To best savor the sweet-tart sound of Hard Candy, it’s best to heed Madonna’s introductory come-on.
“Get up out of your seat,” she coos over one of Pharrell Williams’ trademark spare grooves. “Come on up to the dance floor.”
Indeed, Hard Candy, online and in stores today, is designed for nonstop club play and serious hip-shaking. (The hip-hop touches, at least to these ears, are minimal.)
The pop queen gets into a serious groove throughout the disc’s dozen tracks, even boasting, “See my booty get down” during Heartbeat.
As a sit-down listen (in the car, through headphones or via a computer), Hard Candy doesn’t have the same immediate spark or insightful lyrics as 2005’s gorgeous Confessions on a Dance Floor. A few moments feel anonymous and underwhelming.
Take first single 4 Minutes, a blaring, brassy collaboration with Justin Timberlake and Timbaland. Madonna, for the first time in her career, gets lost in the busy production and ticky Timbaland-isms. It’s an obvious bid for radio play (and has worked), but the result is a generic pop trifle that sounds like something from Nelly Furtado’s last record.
Maybe Madge just wanted to go out on a commercial high. Hard Candy is her last studio album for longtime label Warner Bros. before she locks into a $120 million, decadelong contract with Live Nation. (A third greatest-hits package is also due on Warner Bros.) She’ll be the flagship artist for the concert promoter’s music division, Artist Nation, which will oversee albums, tours, merchandise and promotion.
Under the disco ball, however, Hard Candy proves a sparkling after-hours soundtrack. DJ Ed Bailey spun several of the new tunes during Saturday’s fourth annual Madonnarama event at South Beach nightclub (an all-Madonna music and video extravaganza), and they flowed seamlessly with her astonishing catalog of hits.
Williams’ adventurous production gives Hard Candy its sweetest kick while still letting Madonna take the lead. He even gives the silly Spanish Lesson (“If you do your homework/Baby I will give you more”) a thundering, marching-band flourish.
A swirl of furious house grooves and thundering beats anchor Give It 2 Me, and Heartbeat pulses with a sensual arrangement that recalls the Pet Shop Boys and Kylie Minogue. (Expect both of these tunes to soon dominate deejay playlists.)
She’s Not Me starts with a basic disco bassline and whistles straight out of Donna Summer’s Bad Girls. But soon it morphs into a flood of vocal effects and trance-y flavor.
It’s also a lyrical standout, Madonna sizing up what could be competition for her man — or pop-music dominance.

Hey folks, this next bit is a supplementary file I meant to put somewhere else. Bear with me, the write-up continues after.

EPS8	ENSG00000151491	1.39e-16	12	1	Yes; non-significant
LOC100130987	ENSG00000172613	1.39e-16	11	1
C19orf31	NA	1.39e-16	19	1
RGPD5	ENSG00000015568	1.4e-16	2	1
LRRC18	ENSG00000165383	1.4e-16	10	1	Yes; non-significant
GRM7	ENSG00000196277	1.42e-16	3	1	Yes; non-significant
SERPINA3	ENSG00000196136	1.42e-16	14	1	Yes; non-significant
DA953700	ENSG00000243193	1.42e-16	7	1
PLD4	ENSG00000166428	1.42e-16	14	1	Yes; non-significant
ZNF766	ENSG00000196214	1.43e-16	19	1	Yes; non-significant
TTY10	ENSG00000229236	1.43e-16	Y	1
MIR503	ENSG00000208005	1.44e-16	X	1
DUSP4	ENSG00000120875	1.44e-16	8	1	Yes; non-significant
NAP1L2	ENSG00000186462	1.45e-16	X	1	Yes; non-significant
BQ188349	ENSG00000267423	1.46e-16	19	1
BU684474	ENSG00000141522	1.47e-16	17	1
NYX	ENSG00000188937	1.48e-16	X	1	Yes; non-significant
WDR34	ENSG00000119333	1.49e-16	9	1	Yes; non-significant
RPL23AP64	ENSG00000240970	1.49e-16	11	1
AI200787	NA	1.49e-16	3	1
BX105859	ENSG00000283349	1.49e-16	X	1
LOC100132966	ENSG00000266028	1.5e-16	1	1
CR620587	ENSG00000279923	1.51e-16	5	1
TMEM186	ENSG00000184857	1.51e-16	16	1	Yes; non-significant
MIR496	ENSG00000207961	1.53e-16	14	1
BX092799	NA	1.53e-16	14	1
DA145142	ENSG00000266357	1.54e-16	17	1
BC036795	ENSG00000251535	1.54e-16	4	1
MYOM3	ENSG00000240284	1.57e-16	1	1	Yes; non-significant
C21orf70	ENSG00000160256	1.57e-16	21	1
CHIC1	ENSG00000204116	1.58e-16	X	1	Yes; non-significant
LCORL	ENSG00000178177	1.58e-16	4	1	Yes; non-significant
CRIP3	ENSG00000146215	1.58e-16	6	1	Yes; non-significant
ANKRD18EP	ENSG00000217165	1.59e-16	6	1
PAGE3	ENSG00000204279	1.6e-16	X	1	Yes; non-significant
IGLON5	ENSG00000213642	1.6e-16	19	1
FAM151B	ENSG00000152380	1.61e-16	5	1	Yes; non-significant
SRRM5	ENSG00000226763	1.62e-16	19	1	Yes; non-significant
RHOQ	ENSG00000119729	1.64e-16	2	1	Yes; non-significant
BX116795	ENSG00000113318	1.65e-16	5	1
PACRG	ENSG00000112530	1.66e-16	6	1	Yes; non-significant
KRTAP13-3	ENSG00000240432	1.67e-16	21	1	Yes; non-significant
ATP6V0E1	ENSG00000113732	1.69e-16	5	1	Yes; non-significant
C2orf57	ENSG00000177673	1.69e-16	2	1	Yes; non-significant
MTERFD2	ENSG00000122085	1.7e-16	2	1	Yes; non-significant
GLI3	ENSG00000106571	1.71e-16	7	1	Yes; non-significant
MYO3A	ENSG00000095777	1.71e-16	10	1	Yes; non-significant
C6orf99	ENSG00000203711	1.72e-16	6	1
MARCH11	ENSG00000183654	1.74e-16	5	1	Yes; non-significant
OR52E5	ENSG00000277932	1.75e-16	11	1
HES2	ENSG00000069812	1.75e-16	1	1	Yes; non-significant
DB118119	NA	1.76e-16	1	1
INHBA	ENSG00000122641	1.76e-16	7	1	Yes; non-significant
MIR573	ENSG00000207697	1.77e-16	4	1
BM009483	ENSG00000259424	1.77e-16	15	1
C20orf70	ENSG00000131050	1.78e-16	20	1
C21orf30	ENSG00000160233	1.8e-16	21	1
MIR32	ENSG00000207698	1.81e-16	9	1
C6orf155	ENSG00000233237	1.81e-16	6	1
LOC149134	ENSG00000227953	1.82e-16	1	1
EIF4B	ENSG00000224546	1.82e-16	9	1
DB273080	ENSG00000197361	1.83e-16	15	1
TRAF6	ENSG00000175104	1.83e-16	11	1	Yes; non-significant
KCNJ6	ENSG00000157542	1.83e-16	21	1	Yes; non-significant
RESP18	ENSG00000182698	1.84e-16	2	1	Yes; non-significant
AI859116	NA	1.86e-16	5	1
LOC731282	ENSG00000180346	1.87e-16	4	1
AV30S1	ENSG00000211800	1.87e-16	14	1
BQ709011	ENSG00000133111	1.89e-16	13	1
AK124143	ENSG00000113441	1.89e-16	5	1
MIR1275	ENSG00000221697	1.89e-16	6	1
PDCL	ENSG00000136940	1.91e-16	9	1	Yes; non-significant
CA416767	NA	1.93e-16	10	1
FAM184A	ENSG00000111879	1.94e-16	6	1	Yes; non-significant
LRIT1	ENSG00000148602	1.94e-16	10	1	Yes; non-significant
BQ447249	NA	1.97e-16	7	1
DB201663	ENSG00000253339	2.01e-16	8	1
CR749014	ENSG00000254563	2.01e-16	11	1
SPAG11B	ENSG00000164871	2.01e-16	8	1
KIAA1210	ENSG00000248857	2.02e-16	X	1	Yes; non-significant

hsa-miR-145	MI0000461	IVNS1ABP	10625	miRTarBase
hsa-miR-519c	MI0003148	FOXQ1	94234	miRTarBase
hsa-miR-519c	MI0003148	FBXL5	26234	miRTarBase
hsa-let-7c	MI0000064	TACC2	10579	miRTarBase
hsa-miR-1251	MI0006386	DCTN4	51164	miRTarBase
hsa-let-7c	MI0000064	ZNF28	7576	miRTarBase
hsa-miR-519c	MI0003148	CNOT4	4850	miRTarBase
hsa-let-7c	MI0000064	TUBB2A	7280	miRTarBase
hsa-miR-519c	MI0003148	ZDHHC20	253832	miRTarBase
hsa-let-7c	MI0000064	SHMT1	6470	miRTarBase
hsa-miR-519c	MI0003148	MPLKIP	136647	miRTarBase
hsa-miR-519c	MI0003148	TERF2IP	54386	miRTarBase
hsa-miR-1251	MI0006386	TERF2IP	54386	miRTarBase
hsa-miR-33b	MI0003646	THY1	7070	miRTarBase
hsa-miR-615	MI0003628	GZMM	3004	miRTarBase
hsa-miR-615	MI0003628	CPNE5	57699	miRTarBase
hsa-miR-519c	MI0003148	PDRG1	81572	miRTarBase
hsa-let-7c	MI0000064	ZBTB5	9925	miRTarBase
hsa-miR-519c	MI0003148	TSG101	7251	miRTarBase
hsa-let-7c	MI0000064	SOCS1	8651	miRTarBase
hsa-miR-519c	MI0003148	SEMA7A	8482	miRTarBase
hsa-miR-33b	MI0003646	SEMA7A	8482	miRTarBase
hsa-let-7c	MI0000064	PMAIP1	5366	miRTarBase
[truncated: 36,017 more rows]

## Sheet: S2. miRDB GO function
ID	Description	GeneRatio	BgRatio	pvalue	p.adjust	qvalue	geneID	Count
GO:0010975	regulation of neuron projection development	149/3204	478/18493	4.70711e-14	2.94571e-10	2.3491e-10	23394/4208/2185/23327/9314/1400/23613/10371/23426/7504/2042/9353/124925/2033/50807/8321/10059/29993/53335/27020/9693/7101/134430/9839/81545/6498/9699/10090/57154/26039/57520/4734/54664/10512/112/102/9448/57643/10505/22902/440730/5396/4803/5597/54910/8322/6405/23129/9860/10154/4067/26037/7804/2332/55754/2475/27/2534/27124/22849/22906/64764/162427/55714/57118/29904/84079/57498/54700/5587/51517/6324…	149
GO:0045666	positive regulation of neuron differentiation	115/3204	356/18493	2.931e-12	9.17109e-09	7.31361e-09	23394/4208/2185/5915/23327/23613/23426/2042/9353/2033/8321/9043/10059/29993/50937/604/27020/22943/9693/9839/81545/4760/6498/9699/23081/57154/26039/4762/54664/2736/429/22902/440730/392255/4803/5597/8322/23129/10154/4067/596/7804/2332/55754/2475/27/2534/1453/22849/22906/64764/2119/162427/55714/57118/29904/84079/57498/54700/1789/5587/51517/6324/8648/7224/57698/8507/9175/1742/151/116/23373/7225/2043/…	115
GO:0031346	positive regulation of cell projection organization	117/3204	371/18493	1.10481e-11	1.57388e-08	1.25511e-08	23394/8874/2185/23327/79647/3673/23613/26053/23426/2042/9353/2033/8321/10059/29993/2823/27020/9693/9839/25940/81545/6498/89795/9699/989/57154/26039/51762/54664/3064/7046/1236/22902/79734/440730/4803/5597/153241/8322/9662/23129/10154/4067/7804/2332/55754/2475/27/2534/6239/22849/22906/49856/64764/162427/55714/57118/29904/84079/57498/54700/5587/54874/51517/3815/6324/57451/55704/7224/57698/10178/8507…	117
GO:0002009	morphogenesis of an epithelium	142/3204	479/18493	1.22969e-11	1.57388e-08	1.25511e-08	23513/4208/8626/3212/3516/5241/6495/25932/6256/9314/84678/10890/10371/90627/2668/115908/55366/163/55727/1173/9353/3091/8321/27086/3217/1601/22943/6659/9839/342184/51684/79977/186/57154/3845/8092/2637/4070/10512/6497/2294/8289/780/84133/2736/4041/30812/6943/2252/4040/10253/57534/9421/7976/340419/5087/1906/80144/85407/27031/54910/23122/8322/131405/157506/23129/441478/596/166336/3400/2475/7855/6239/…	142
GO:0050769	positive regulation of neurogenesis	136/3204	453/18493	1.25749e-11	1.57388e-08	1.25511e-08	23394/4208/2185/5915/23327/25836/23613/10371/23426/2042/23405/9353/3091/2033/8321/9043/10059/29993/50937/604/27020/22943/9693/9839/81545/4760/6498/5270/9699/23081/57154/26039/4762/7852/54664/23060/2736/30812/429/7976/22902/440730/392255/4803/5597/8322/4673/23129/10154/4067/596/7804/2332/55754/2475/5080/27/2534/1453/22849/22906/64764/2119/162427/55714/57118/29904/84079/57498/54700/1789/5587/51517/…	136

“She’s not me/She doesn’t have my name,” she insists. “She’ll never have what I have/It won’t be the same.”
Sly moments like that are what give Hard Candy its heart. Madonna’s career has always been about reinvention and relevance. Her work with Williams hits both targets without sacrificing so much artistic integrity.
Incredible, like so many of Madonna’s best tunes, feels familiar and fresh at the same time. Williams’ kitchen-sink production reflects the joy in the lyrics. (“And all of those things that used to get you down don’t have no effect at all/’Cause life is beautiful.”) He layers a twirling, stop-and-start arrangement with crunchy guitars and shout-along backing vocals.
The Madonna/Williams pairing sours when the payoff is too obvious: Candy Shop‘s sex-as-candy imagery (“My sugar is raw — sticky and sweet”); the especially disappointing Beat Goes On, a limp disco homage featuring Kanye West.
It’s Timbaland who proves the real killjoy, sucking Madonna’s heady personality out of Dance 2night and replacing it with a bland, disco-diva arrangement. Even Devil Wouldn’t Recognize You, a lyrically dark moment, is undermined by generic production that just doesn’t feel like Madonna. It’s hardly worthy of a B-side.
Slightly better are the galloping beat and melodic backing vocals of Miles Away, which sounds like late-’80s Madonna; and Voices, the ominous closer that proves a much more powerful marriage of Madonna’s exploratory nature and Timbaland’s commercial instincts.
“Who is the master? Who is the slave?” Timberlake wonders during the song’s intro. But despite her mix of collaborators, it’s clear Madonna is in charge of this bittersweet Candy store.